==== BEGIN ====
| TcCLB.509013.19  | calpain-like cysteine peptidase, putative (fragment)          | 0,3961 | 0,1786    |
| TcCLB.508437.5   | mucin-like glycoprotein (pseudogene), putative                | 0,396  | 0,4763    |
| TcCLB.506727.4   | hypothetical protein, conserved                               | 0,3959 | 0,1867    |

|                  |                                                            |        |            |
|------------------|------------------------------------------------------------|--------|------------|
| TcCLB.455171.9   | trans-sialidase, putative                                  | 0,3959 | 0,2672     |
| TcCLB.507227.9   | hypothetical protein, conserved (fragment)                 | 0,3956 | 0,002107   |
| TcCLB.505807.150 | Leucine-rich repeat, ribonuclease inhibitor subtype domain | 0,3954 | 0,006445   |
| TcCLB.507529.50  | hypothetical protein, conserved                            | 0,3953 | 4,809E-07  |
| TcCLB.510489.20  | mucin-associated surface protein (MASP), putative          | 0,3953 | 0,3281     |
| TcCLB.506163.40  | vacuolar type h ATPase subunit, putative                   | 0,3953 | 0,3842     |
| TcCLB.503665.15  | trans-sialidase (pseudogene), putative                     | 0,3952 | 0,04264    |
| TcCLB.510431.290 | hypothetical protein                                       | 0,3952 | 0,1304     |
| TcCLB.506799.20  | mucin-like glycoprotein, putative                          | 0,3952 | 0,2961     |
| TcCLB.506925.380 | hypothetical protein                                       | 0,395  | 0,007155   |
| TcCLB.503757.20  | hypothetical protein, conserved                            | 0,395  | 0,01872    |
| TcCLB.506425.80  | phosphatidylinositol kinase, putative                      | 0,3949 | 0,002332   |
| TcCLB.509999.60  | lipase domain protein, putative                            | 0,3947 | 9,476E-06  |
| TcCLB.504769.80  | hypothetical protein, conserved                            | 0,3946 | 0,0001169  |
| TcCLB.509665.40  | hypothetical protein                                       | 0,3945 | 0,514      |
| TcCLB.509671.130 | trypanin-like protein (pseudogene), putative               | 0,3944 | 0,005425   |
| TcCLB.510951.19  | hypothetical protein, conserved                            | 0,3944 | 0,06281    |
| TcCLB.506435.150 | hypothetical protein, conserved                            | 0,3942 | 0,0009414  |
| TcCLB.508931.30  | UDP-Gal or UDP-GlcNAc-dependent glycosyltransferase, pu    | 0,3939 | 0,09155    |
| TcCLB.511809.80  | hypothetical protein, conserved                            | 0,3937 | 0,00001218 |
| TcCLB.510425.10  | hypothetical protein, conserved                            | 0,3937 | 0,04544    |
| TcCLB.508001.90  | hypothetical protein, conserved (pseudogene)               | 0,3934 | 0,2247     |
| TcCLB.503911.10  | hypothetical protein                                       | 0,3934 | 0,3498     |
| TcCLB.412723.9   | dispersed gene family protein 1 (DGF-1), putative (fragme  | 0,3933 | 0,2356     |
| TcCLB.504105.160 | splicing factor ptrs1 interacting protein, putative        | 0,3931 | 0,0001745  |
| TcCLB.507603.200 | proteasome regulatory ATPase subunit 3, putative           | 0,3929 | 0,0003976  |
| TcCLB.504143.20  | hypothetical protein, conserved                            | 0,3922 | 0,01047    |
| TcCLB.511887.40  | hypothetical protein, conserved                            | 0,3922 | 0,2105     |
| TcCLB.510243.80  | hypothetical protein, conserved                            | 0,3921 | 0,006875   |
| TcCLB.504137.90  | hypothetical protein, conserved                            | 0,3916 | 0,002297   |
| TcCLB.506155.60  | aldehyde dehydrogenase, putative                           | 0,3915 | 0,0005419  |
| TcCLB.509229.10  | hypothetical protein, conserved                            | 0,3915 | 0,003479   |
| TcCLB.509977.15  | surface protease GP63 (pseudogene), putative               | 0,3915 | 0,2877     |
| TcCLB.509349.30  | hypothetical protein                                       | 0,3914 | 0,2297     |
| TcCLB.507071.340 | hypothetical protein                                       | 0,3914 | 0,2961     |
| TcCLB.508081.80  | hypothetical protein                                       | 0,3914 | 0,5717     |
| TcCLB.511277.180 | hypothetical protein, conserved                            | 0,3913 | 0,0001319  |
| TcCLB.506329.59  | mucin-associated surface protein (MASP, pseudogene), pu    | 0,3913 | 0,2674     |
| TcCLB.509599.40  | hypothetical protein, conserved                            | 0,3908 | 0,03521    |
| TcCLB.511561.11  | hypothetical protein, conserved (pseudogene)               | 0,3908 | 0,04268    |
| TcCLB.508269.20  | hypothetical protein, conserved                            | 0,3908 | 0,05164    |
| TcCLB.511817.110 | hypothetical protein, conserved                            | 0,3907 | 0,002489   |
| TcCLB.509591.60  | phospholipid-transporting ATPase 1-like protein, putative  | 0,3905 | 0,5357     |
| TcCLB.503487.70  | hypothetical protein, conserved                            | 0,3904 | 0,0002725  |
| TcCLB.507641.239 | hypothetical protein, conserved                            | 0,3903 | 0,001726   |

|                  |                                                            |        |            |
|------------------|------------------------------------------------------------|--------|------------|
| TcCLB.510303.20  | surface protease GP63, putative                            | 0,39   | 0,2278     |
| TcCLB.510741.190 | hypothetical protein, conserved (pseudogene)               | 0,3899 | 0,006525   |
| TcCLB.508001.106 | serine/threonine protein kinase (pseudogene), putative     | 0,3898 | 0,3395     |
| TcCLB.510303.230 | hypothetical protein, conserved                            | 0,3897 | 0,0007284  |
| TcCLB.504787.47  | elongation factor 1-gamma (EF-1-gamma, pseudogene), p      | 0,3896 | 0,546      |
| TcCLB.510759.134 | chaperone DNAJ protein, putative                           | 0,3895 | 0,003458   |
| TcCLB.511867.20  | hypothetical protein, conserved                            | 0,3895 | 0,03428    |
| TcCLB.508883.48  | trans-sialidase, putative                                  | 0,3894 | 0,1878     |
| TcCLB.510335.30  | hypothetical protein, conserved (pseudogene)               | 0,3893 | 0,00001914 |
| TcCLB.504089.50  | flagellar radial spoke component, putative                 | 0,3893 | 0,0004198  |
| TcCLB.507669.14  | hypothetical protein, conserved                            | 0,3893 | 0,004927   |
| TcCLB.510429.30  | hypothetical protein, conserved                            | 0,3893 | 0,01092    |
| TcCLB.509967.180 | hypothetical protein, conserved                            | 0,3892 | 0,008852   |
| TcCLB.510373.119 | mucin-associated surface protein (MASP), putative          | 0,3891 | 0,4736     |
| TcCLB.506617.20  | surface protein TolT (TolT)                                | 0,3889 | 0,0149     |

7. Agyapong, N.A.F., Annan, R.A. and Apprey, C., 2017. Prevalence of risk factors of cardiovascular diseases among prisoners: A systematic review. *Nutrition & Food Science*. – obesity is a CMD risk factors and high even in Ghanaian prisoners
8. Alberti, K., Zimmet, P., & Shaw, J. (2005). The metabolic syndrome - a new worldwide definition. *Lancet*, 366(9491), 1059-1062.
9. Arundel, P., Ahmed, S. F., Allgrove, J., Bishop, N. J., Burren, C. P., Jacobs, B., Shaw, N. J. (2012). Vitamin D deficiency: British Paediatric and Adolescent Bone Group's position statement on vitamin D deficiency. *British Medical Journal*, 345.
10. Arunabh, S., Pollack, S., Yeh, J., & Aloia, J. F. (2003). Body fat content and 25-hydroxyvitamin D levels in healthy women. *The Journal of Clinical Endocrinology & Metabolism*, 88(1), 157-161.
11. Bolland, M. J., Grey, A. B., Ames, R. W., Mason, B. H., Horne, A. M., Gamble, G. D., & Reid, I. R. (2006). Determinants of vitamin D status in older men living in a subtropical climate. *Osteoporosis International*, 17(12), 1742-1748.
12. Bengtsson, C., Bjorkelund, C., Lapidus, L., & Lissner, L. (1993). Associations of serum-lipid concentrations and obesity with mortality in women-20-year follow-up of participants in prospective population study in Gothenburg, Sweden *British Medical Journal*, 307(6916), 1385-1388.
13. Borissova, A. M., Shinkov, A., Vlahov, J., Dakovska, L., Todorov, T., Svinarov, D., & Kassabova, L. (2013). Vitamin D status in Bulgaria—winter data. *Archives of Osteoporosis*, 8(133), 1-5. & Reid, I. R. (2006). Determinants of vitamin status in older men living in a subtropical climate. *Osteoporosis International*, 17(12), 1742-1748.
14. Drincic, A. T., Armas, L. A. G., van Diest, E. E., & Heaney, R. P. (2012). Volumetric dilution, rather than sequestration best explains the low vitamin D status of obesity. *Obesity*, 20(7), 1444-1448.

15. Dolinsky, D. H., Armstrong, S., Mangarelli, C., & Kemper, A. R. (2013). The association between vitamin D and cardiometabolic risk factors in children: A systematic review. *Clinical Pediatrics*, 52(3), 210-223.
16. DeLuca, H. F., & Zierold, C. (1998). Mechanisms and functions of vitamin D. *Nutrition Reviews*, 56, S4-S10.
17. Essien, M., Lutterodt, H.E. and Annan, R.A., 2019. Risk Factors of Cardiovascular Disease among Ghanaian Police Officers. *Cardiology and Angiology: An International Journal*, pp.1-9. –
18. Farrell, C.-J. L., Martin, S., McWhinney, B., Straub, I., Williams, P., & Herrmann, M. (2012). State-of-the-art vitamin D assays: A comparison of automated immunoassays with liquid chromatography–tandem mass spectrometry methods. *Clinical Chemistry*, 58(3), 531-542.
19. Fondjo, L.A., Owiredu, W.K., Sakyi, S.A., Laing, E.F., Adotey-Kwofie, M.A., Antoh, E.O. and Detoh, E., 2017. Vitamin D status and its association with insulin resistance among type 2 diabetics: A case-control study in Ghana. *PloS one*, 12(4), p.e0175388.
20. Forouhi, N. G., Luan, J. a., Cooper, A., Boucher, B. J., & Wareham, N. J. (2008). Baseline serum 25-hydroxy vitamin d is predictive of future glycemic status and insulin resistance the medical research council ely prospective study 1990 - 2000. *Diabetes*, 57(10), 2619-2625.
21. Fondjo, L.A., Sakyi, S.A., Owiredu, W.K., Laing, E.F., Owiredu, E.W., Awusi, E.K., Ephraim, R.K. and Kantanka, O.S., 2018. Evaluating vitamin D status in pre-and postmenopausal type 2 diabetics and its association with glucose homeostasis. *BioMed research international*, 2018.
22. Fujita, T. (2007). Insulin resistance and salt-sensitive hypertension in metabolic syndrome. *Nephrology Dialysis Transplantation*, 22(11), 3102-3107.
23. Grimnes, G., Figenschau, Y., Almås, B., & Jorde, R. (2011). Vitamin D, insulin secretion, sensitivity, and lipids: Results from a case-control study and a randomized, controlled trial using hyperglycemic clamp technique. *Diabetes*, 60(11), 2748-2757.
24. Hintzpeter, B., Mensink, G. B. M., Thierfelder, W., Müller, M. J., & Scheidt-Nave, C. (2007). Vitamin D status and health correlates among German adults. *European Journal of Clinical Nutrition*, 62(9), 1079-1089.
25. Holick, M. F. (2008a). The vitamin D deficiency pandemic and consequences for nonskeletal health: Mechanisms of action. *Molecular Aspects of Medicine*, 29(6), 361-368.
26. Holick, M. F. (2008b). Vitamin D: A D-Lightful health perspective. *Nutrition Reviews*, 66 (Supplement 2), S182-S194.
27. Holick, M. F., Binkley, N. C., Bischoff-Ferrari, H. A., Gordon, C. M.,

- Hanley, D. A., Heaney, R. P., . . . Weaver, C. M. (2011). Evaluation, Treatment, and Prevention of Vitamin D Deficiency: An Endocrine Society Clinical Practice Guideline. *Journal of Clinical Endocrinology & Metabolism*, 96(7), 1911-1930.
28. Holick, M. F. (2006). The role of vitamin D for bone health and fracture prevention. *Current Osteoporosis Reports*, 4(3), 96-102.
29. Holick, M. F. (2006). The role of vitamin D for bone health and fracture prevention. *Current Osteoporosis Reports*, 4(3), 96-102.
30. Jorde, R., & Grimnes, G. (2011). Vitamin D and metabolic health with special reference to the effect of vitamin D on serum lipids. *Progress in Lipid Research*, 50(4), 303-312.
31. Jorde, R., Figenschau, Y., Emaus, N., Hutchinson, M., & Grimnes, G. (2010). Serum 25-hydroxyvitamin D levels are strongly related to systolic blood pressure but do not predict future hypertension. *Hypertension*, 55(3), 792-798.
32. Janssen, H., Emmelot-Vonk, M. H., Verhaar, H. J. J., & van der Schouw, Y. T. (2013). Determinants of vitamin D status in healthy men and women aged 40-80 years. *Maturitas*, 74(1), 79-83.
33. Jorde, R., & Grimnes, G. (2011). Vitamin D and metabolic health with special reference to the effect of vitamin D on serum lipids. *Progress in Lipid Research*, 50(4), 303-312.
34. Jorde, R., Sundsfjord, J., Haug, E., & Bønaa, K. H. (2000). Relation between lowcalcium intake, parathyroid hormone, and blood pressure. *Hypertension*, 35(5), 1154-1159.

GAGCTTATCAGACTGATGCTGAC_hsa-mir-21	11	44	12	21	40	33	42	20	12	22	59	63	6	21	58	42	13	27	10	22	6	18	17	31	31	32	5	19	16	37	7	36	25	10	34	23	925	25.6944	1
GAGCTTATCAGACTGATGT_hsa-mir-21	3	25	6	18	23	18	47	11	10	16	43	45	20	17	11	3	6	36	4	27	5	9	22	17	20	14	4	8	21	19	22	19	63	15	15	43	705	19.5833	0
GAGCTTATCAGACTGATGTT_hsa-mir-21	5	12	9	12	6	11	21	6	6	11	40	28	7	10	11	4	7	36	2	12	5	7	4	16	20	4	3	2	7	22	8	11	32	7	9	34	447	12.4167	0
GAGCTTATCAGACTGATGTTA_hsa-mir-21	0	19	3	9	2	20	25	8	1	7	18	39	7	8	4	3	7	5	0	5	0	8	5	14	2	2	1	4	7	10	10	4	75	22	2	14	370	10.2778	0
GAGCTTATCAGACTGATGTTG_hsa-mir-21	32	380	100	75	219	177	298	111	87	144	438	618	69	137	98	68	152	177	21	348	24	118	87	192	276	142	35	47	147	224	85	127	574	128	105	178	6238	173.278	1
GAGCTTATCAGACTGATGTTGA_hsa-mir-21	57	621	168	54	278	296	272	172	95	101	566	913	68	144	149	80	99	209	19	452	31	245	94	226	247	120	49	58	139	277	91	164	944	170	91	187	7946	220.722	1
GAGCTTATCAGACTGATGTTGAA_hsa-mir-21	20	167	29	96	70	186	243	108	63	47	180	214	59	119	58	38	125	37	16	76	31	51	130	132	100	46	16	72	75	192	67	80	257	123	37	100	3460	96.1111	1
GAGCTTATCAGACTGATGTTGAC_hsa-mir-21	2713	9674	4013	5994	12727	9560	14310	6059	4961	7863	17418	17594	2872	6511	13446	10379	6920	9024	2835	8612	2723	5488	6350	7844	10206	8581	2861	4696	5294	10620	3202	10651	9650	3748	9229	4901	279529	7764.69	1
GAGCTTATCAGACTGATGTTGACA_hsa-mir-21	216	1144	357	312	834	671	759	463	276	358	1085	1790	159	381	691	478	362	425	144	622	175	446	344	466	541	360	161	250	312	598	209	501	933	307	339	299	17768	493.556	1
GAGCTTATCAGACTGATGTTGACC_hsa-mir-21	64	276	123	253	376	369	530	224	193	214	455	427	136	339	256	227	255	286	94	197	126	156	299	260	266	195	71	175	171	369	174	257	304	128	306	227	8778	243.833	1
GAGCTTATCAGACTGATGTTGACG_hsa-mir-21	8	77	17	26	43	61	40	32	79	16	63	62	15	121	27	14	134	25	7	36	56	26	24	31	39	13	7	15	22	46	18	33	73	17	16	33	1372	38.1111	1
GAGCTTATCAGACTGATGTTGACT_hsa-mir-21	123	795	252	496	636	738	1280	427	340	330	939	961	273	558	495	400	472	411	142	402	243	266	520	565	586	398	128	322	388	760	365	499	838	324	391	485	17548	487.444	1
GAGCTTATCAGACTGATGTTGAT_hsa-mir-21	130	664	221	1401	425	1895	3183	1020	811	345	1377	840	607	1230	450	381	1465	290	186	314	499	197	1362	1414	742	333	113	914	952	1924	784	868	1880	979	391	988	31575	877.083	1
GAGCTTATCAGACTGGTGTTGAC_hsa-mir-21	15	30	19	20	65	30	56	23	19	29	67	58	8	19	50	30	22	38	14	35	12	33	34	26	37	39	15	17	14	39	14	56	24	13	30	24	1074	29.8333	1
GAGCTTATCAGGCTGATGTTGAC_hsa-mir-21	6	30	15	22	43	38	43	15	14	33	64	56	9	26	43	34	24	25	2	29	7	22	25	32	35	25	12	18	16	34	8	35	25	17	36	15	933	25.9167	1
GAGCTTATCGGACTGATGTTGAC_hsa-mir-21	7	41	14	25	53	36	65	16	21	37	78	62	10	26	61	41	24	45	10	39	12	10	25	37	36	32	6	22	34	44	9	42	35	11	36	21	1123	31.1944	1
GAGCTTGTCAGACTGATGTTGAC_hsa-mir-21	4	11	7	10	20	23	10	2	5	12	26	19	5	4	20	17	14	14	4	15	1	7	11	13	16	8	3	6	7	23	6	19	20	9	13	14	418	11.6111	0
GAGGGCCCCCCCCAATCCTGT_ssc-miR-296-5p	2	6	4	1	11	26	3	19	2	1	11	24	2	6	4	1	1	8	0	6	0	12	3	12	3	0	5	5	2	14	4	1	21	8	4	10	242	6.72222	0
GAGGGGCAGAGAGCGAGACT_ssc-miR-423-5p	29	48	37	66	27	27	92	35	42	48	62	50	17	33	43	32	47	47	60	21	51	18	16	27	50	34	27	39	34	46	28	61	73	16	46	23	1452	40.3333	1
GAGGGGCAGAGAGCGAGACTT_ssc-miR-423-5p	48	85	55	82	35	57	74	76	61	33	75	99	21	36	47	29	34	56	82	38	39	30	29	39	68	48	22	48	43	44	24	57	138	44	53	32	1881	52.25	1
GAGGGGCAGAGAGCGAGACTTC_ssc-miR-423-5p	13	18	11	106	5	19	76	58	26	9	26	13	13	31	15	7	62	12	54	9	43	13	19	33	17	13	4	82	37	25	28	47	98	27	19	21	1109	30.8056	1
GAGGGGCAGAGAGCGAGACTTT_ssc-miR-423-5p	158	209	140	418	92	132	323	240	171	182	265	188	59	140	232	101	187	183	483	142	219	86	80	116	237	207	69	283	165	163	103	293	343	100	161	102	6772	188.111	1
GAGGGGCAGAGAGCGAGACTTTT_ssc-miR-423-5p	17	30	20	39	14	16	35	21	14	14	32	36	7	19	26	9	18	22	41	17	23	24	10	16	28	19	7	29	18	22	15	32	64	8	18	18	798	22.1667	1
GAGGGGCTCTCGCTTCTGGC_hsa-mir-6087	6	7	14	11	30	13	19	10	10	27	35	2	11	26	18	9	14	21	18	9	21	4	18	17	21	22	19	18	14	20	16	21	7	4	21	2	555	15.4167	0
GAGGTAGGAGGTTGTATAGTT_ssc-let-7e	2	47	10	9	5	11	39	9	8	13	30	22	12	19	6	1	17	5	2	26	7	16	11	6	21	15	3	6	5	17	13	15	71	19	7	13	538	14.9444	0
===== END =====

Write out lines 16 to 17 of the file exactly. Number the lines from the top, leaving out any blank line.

| TcCLB.503757.20  | hypothetical protein, conserved                            | 0,395  | 0,01872    |
| TcCLB.506425.80  | phosphatidylinositol kinase, putative                      | 0,3949 | 0,002332   |